Khaas Baat : A Publication for Indian Americans in Florida Read the Editor's Blog. By Nitish Rele Classifieds Motoring Astrology Books Fashion Movies Finance Immigration Health Editorial News Content Find us on Facebook! Art


What You Need to Know About Applying to Medical School

By Robert LeVine

You already know that getting into medical school is hard. But perhaps you are unaware of the application process, which is also … hard!

Let’s start with understanding the three “must do” items. Medical schools want to see great grades, a great Medical College Admission Test (MCAT) score, and a strong resume of health-related activity. Let’s take these so you can see what lies beneath those necessities.

Grades? You know that you need top grades. But often, college students get lost, living in a world without supervision, and academic challenges can become overwhelming. No longer living with parents, students lose connection with those important support people. Please, if academic issues become a problem, quickly contact mom or dad and ask for help ... quickly! Tutors can make a big difference.

As for the MCAT, this is a test that you cannot avoid. While many undergraduate schools make the Scholastic Assessment Test (SAT) and American College Testing (ACT) optional, few medical schools will admit you without a strong MCAT score. The MCAT is so critical that some students choose to wait a year to apply so they can study conscientiously, without the distractions of college. With that in mind, one important decision is when to apply to medical school – at your first opportunity, or a year later.

What can be tricky is resume building. Because medical school applications open earlier than those for other kinds of schools, there is very little time to collect relevant health experience such as research, internships, shadowing, and whatever else you can find. Plus, in the first year or so of college, you have no seniority and it’s very, very hard to get the experience you will want for a powerful application. Here is where networking – and perhaps the help of a consultant – can make a significant difference.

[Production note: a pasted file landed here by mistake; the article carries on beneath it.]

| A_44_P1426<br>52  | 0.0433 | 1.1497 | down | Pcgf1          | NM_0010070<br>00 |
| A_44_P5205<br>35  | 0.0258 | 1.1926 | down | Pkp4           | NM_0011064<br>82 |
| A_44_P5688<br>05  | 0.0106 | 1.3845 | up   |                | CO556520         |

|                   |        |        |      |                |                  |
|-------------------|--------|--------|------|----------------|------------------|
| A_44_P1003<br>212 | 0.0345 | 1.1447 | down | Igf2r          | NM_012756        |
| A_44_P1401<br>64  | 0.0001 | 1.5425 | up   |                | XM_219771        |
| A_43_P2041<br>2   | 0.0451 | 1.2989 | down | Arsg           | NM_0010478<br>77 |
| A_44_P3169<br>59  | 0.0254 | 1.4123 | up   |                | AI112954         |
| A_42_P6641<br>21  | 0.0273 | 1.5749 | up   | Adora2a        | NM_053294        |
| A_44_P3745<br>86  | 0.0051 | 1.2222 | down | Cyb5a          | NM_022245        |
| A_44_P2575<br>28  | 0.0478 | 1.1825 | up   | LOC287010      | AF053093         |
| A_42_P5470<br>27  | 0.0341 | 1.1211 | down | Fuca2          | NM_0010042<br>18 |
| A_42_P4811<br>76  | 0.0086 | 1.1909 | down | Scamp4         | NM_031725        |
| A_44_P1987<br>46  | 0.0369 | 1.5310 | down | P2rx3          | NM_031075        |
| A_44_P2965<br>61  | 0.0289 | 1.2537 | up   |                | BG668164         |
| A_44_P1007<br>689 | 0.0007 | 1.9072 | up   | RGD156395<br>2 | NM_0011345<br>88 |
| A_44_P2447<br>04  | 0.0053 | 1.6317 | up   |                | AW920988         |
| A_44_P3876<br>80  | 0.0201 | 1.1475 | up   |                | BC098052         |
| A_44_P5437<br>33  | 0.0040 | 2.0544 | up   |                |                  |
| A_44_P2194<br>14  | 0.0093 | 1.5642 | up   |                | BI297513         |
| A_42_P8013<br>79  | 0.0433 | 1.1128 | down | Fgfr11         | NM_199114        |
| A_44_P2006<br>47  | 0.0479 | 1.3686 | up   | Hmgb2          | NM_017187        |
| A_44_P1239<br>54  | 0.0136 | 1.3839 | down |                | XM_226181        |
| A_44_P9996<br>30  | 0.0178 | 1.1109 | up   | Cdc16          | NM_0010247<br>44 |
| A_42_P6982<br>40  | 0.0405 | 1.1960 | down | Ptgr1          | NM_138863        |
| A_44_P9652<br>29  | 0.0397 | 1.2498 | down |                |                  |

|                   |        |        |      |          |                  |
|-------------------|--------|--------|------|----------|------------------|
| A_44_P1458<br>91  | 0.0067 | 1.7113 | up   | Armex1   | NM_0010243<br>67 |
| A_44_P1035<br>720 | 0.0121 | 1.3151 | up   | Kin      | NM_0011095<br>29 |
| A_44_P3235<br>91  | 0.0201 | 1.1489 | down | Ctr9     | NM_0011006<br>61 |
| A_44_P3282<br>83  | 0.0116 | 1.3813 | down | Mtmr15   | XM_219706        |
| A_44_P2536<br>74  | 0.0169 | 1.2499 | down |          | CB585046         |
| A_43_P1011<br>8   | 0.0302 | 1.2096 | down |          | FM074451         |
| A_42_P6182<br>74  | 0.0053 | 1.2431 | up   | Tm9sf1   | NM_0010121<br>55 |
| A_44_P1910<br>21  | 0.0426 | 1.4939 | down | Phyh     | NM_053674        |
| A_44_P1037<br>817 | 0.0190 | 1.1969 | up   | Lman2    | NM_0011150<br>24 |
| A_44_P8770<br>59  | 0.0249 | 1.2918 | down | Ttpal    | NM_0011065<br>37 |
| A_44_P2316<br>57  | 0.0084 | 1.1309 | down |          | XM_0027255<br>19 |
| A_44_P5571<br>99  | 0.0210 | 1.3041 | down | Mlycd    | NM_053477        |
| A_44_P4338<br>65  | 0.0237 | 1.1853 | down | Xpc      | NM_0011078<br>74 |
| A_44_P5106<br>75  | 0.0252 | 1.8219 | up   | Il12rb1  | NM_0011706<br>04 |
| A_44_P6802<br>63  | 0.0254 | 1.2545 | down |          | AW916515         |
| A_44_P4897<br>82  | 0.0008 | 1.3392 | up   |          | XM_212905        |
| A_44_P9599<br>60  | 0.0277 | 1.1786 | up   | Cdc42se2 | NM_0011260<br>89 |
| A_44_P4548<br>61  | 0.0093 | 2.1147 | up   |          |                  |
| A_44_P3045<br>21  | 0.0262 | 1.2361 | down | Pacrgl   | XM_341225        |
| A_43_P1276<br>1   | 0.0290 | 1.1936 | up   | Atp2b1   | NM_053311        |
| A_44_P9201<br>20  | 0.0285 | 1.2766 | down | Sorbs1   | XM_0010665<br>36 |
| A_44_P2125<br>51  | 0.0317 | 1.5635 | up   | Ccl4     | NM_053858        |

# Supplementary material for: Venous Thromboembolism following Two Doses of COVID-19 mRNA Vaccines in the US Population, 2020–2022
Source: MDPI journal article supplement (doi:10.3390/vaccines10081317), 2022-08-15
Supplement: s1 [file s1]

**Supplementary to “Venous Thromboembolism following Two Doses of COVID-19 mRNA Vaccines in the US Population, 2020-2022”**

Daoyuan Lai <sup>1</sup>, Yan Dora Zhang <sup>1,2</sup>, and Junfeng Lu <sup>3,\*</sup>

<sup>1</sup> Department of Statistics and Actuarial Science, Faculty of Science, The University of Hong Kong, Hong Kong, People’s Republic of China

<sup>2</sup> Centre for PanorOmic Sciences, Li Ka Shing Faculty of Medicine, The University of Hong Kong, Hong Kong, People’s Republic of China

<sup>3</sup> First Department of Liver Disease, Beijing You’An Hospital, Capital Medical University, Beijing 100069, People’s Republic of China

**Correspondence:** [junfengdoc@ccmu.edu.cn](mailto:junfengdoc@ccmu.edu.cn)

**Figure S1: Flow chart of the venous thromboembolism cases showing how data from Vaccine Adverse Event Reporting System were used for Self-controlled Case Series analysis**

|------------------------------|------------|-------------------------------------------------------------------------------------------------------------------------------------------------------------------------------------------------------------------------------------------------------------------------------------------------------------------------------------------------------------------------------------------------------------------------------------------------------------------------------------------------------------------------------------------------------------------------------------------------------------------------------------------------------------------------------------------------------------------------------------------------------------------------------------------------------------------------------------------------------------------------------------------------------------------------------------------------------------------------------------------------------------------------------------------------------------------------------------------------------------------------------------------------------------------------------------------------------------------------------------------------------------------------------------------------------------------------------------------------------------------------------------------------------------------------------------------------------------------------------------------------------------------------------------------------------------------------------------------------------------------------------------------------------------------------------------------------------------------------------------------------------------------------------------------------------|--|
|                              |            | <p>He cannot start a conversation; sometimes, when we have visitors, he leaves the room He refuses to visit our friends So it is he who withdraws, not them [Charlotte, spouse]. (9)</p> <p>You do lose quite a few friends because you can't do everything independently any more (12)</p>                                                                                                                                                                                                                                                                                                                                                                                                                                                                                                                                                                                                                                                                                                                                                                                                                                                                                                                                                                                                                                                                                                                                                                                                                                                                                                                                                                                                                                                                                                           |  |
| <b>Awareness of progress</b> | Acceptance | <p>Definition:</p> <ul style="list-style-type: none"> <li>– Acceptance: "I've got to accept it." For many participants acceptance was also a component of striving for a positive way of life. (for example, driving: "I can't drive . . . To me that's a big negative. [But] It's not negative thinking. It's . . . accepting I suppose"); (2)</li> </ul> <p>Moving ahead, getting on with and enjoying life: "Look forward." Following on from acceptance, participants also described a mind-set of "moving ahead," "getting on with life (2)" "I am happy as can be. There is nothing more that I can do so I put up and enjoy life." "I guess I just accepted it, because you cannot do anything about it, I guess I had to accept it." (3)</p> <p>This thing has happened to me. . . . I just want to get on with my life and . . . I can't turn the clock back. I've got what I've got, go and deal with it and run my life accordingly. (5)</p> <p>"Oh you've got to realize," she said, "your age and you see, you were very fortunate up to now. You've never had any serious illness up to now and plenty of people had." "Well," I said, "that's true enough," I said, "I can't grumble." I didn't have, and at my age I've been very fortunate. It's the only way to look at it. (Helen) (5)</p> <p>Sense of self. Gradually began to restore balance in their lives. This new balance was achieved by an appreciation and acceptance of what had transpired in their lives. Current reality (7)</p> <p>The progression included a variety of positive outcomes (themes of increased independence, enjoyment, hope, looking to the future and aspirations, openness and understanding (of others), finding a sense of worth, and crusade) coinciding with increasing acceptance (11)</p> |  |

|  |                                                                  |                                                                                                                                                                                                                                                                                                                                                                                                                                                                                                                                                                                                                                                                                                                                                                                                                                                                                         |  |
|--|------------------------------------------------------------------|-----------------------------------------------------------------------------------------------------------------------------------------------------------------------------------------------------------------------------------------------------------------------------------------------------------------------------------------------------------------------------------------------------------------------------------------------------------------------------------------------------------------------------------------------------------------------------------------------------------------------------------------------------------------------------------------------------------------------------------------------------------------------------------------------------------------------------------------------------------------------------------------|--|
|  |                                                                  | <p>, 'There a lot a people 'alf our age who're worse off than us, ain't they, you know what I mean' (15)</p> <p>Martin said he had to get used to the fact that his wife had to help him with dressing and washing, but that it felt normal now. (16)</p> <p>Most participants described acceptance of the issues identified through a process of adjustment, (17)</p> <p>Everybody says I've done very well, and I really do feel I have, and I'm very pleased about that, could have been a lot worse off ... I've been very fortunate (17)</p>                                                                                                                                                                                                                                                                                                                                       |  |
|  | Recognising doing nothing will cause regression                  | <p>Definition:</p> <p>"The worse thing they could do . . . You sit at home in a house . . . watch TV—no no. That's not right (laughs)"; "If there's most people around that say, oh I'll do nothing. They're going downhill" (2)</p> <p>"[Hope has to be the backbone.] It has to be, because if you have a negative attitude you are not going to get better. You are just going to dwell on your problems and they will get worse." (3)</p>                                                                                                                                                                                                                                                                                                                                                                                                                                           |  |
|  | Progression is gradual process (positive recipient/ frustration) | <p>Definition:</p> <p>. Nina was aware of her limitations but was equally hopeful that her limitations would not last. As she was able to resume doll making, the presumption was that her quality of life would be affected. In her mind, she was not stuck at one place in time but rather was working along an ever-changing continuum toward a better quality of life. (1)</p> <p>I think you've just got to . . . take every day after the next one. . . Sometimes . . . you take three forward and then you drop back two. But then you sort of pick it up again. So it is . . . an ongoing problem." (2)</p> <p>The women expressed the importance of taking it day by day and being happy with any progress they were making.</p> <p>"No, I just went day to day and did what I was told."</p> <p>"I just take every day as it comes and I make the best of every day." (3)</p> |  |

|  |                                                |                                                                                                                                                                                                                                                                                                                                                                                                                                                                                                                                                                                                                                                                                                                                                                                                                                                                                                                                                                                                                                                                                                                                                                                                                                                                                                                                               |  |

But what about the application process itself? It usually happens in three stages:

First, students apply to medical schools through a universal format known as AMCAS. For this, you will need your MCAT score, a personal statement essay, a list of your relevant experience with some explanation, your college grades, and just a bit more info. What surprises many is how early the American Medical College Application Service (AMCAS) site opens: in May of junior year, around Memorial Day. Because medical schools tend almost to be “first come, first served,” there’s a rush to get things done. For this reason, our company recommends that students seeking medical schools ideally start their consulting in January or February.

Second, once your chosen medical schools decide if they want to know more about you, they will ask for additional essays known as “secondaries.” This can happen as early as the beginning of July. Unfortunately, medical school applicants must write a lot of essays. We have had students write over 100 essays in just a few weeks! Obviously, since essays are subjective, not objective, quality writing can make a big difference. Be ready for a very challenging month or two of writing.

Third, if a medical school is still interested in you after reading your secondary essays, they will ask for an interview. Unlike in undergraduate admissions, the interview is an extremely important, independent part of the selection process. Those who interview well usually get multiple options. Those who do not interview well … don’t get admitted very often. Interview preparation is not something you want to do at the last minute. Our method is to prepare students for interviews between submitting the AMCAS and starting the secondary essays (in other words, prepare for the interview in June). For this, we recommend a multi-stage interview process, not just looking up some possible questions and practicing answers. That usually does not work.

Two pet peeves to avoid. In our experience, medical school applicants prefer to use the word “clinical” when describing actual patient interaction (as opposed to research). Seeing this word over and over and over just feels … dehumanizing. Second, talking about “patients” over and over and over also feels dehumanizing. Use a name, call them a person, or people. Please, avoid sounding robotic in a profession meant to address human suffering. Good bedside manner starts now.

Yes, admission to medical school is hard. However, knowing what to do should help you succeed. At University Consultants of America, our students have done exceptionally well in the process. Whether in a hospital, clinic or admissions effort, all it takes is a little knowledge and a great team.

Robert LeVine is the founder and CEO of University Consultants of America, an independent educational consultancy assisting students around the world with applications to colleges, universities and graduate schools. For more information, call University Consultants of America, Inc. at 1-800-465-5890 or visit www.universitycoa.com

homeeventsbiz directorysubscribecontact uscontent newseditor's notehealth
immigrationfinanceMINDBODY/NUTRITIONmoviesfashionbooks/getawaysIIFA 2014ART
astrologyyouthmotoringplaces of worshipclassifiedsarchivesBLOGFACEBOOK